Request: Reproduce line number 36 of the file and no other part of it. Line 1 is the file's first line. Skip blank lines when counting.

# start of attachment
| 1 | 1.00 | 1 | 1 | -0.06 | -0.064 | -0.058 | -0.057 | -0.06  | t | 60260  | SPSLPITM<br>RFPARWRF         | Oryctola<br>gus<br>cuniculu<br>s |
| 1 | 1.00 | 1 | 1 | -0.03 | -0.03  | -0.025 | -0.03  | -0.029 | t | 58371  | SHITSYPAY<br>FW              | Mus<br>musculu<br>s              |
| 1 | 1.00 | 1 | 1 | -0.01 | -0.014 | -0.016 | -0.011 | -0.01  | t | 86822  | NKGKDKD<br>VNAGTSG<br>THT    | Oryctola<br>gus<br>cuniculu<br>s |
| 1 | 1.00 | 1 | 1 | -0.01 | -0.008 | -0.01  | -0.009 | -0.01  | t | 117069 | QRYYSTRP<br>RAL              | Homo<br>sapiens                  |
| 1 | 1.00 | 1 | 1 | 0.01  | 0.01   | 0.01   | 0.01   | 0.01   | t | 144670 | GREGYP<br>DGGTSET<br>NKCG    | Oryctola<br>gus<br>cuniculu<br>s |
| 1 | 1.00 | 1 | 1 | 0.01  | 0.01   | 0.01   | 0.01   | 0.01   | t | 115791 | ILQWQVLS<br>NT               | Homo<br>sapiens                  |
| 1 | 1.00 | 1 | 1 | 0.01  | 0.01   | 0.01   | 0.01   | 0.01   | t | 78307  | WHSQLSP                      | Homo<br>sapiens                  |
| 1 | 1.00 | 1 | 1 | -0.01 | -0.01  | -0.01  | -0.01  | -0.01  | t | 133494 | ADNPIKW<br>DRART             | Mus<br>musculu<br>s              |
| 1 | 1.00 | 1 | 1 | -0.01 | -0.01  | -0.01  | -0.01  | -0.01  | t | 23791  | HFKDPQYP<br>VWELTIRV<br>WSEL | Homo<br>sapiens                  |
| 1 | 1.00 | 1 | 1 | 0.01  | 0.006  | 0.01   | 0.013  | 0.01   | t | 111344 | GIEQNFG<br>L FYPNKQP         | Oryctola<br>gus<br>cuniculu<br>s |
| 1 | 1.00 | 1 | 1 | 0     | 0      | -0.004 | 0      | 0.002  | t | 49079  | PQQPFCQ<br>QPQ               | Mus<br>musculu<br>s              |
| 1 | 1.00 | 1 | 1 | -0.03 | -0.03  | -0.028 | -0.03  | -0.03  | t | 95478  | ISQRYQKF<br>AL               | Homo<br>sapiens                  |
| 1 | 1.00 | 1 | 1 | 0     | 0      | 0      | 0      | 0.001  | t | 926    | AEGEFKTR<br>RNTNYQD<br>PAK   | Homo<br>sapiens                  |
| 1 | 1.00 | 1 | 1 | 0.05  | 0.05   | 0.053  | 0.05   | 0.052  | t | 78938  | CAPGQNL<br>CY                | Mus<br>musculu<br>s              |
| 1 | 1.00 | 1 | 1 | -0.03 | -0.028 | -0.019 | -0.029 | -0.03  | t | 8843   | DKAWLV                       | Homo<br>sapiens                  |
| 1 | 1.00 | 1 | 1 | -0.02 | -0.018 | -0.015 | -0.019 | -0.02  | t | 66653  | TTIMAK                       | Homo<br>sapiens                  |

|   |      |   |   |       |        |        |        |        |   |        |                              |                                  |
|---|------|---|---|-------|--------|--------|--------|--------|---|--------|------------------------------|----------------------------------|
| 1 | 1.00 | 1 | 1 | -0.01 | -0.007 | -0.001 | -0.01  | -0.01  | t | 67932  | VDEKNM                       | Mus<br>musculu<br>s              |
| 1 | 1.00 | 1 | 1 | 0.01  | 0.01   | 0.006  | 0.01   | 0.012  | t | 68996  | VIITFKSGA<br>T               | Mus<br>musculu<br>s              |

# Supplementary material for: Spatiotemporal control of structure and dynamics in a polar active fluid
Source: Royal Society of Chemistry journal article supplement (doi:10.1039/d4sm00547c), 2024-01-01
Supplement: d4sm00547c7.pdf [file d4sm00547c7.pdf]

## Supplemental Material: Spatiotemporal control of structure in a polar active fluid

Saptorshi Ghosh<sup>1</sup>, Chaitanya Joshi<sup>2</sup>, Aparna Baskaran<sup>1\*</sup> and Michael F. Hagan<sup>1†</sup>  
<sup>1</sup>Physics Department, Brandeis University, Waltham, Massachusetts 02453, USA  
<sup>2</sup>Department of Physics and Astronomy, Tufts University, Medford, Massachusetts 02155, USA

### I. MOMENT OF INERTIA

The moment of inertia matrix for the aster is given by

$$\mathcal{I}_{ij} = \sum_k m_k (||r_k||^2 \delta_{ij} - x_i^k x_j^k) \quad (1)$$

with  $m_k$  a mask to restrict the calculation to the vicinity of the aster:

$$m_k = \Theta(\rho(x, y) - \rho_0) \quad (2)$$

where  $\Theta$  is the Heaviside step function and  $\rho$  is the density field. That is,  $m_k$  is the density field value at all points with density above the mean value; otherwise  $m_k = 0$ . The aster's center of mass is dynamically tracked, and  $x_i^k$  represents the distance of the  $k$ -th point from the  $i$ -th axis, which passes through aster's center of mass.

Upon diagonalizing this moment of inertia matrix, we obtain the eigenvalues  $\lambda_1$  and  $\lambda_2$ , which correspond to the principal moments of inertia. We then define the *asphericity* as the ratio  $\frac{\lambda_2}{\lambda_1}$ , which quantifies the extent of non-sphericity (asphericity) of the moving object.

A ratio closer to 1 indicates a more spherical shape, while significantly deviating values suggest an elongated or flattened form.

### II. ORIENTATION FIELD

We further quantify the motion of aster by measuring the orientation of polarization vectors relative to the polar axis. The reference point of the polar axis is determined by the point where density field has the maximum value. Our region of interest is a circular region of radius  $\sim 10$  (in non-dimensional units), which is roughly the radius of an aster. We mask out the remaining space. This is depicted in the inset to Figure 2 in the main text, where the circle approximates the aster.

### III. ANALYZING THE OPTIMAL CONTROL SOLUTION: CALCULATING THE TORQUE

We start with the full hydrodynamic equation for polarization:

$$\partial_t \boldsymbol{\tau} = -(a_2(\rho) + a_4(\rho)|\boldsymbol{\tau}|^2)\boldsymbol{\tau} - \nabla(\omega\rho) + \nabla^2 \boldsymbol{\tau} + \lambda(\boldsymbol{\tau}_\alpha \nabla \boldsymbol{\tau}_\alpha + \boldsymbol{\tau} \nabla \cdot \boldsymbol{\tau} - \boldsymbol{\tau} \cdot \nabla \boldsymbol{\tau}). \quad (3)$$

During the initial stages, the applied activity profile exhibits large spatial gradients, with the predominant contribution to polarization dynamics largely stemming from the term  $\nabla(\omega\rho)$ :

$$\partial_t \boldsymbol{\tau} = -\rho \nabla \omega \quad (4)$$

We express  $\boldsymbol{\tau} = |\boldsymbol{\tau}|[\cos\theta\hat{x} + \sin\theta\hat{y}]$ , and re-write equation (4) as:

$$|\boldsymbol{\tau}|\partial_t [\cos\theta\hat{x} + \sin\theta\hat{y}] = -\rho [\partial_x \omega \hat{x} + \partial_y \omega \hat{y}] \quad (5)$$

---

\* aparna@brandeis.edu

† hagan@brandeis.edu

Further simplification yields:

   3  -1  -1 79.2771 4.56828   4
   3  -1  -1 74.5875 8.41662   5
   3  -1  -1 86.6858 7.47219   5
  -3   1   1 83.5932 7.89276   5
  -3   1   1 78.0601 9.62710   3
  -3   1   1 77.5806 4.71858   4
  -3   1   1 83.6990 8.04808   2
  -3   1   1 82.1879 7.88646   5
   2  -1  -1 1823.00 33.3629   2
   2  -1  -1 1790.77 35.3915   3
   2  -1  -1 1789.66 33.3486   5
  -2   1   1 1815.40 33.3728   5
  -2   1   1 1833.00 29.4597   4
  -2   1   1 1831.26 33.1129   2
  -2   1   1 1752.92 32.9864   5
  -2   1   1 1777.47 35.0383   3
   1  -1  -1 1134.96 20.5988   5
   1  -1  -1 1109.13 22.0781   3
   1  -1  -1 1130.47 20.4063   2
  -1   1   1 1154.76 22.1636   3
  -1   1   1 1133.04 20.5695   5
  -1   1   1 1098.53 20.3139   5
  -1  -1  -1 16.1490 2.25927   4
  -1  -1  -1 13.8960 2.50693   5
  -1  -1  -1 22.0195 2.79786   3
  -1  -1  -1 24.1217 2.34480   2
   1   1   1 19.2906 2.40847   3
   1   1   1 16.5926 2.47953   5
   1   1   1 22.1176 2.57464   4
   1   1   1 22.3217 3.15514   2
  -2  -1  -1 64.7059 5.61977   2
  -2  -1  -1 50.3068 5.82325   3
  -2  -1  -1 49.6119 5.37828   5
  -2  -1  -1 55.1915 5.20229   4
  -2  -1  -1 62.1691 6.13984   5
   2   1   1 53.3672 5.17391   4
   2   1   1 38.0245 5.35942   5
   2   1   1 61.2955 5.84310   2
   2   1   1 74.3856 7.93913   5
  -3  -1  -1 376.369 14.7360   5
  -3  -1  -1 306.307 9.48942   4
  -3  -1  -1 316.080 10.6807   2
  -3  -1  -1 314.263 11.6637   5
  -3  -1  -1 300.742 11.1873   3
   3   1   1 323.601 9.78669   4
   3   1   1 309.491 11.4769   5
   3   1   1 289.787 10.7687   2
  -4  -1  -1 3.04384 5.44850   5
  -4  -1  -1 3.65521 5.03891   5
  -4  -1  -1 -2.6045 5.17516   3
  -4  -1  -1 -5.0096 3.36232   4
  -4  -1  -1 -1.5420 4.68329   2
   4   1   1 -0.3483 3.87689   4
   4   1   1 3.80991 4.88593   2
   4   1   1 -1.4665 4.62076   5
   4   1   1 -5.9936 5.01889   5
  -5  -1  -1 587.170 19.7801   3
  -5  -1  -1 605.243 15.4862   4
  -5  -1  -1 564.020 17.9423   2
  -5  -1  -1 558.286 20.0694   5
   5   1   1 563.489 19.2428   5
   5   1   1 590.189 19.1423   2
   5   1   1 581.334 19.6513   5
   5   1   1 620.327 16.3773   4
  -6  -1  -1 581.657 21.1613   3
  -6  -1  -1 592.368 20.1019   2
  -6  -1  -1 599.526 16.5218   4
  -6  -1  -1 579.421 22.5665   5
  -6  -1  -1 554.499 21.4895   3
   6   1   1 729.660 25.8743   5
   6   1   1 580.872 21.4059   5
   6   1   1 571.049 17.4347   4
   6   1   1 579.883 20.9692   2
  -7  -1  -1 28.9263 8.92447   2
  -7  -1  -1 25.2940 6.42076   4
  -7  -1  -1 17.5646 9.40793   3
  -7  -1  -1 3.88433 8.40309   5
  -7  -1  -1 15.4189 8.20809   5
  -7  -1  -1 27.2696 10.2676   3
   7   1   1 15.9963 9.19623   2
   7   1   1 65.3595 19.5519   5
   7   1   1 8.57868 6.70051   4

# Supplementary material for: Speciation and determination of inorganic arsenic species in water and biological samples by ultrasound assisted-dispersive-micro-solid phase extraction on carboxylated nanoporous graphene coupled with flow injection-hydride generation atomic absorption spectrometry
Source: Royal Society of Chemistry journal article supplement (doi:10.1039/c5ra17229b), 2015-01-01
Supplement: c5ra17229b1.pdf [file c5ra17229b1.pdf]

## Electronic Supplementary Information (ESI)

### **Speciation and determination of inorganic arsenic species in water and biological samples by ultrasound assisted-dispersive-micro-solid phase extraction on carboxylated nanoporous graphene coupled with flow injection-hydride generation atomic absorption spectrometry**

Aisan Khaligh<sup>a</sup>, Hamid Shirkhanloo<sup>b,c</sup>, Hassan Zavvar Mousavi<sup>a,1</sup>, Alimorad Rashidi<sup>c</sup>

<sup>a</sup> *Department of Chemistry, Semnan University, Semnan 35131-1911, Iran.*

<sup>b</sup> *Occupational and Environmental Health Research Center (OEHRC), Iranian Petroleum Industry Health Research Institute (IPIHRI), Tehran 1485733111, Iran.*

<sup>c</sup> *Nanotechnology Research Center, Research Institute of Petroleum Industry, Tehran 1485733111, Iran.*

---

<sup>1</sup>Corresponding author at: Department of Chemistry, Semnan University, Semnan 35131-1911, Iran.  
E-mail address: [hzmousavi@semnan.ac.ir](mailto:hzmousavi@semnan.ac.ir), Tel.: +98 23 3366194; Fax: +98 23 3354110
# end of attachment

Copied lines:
### II. ORIENTATION FIELD